The author, or the original publisher, chose the perfect book title for this crime-driven story. Satan Takes the Helm is exactly that. As an angel, Martin appears to have rescued Sloan from the red ink that threatens to drown his operation. But once this mysterious, seductive married woman offers up her body, Martin's clear path to sterling leadership and lucrative profit becomes overgrown with evil vices. As the narrative unwinds, Martin's admirable persona has transformed into a guilt-ridden spiral of madness and regret. Is his role on the Trader divine intervention or inglorious malice? That's the slippery edge that Clements navigates.

Satan Takes the Helm is an adventurous nautical tale that surprisingly serves as a sexy and crafty crime-noir. As readers ride the choppy waves, the characters become more dynamic and mentally unbalanced. It's this sort of downward spiral from the promised land to the depths of Hell that made writers like Day Keene and Gil Brewer literary superstars. Calvin Clements uses that tried-and-true formula and places it in a unique setting. The combination makes for a compelling, thoroughly enjoyable story that completely validates the decision to reprint the vintage paperback for modern audiences. Clements rightfully sails again and you should get on board.

Buy a copy of this book HERE

Friday, January 24, 2020

Hell Ship to Kuma

Calvin Clements (1915-1997) utilized his experiences in the US Navy to author a number of adventure novels and short stories. After serving in Southeast Asia, Clements would become a fireboat pilot with the New York City Fire Department. Beginning in 1959, Clements would begin writing for television shows like “Gunsmoke”, “Have Gun, Will Travel”, “How the West Was Won” and “Dr. Kildare”. His original paperback novels were nautical-themed and often set in remote locations of Asia. Fawcett Gold Medal published three of his literary works: Satan Takes the Helm (1952), Barge Girl (1953) and the subject at hand, Hell Ship to Kuma (1954).

Clements introduces readers to the fearless, but financially strapped, Captain John Roper. After a disaster at sea, Roper's former employer has relieved him of his duty. Now, Roper is a lowly ship mate looking for work in an Asian port. It's here where our protagonist meets up with Captain Murdoch and his salvage boat, The Wanderer. After a brief job interview, Roper finds his new employer to be arrogant and belligerent. But despite Murdoch's shortcomings, money talks and Roper is broke.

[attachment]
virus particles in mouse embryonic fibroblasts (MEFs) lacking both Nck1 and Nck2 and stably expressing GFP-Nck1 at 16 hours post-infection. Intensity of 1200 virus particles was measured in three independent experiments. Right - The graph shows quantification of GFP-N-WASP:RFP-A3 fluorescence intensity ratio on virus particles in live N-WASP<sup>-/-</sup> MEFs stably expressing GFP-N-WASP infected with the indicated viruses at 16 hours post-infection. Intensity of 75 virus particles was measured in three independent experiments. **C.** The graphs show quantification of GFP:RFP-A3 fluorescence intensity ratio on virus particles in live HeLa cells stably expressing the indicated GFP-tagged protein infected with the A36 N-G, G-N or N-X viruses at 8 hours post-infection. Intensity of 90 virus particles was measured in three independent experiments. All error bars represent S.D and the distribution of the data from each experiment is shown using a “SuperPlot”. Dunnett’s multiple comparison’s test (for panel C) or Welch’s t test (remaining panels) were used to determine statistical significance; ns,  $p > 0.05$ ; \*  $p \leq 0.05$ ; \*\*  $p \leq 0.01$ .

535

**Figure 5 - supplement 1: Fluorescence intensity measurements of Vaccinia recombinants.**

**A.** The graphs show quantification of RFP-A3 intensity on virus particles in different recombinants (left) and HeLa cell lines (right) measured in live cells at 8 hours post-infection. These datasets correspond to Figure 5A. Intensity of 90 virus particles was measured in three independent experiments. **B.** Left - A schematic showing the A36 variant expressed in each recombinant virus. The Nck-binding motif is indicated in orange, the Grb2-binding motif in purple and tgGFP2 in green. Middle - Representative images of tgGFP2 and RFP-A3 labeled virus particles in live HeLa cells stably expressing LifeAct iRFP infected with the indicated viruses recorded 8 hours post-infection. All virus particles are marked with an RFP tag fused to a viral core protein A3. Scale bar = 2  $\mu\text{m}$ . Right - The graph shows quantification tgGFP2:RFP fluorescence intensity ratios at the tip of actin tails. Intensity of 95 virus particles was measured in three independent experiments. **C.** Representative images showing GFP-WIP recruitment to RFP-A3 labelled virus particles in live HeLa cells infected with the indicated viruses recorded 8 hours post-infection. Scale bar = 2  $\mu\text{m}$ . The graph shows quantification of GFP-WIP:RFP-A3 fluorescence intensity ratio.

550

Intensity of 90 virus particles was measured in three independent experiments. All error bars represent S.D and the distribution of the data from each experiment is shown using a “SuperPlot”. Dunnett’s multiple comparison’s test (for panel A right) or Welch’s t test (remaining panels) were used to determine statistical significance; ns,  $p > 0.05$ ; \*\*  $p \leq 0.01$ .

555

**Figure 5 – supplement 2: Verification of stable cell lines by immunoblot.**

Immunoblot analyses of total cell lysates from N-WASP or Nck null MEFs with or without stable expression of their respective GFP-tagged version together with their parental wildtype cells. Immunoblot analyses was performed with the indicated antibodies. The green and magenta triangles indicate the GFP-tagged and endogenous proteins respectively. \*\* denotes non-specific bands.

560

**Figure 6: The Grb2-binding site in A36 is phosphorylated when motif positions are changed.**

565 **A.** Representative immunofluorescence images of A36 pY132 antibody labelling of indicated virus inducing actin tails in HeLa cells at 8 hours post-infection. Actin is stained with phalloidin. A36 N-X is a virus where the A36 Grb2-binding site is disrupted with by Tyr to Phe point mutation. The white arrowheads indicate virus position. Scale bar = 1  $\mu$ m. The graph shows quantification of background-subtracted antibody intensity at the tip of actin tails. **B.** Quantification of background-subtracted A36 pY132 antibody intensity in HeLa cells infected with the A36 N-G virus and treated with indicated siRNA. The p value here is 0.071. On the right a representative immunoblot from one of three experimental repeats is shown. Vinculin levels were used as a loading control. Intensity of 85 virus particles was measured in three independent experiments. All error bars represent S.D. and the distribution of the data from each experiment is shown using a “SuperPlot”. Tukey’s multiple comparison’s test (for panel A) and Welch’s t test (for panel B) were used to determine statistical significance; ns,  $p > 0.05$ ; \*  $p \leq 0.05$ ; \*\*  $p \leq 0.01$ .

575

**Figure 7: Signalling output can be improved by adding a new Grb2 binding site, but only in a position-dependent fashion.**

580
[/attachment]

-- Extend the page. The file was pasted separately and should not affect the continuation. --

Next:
Life on The Wanderer proves to be a hard and cruel existence. Murdoch is a madman, often scolding the crew with Old Testament scripture while simultaneously belittling their roles on his ship. Thankfully, Roper befriends a passenger named Karen and the two have an instant attraction. Karen is journeying to the island of Kuma to become a dancer, but Roper has suspicions that she's being too naive to believe her performances will be limited to just dancing.

While all of this is somewhat interesting, the narrative itself is built around a heist. The idea is that Murdoch and the crew will cooperate with the tiny island of Kuma to steal a freighter of metal. Once they replace the freighter's labor with their own crew, they will offload the metal onto the island and then radio that the ship and it's freight has sunk. Over a two year span, they will slowly sell off the metal and split the profits among the crew. But like any good heist novel...mixing money, greed and criminals is a dangerous combination.

Hell Ship to Kuma was entertaining enough but never rises above average. For a 1954 adventure novel, I think the author prides himself too much on describing Southeast Asian ports and islands to readers who will likely never see these exotic locations. John Roper is an admirable hero and his plotting with Murdoch was an engaging read. However, the entire heist aspect doesn't come to fruition until page 100, leaving only 60 pages remaining to tell the tale that matters. Overall, Hell Ship to Kuma is worth reading if you control your expectations and don't spend a fortune on it. 

Thankfully, the good folks at Stark House Press have reprinted this novel as a twofer along with the author's Barge GirlBuy a copy of this book HERE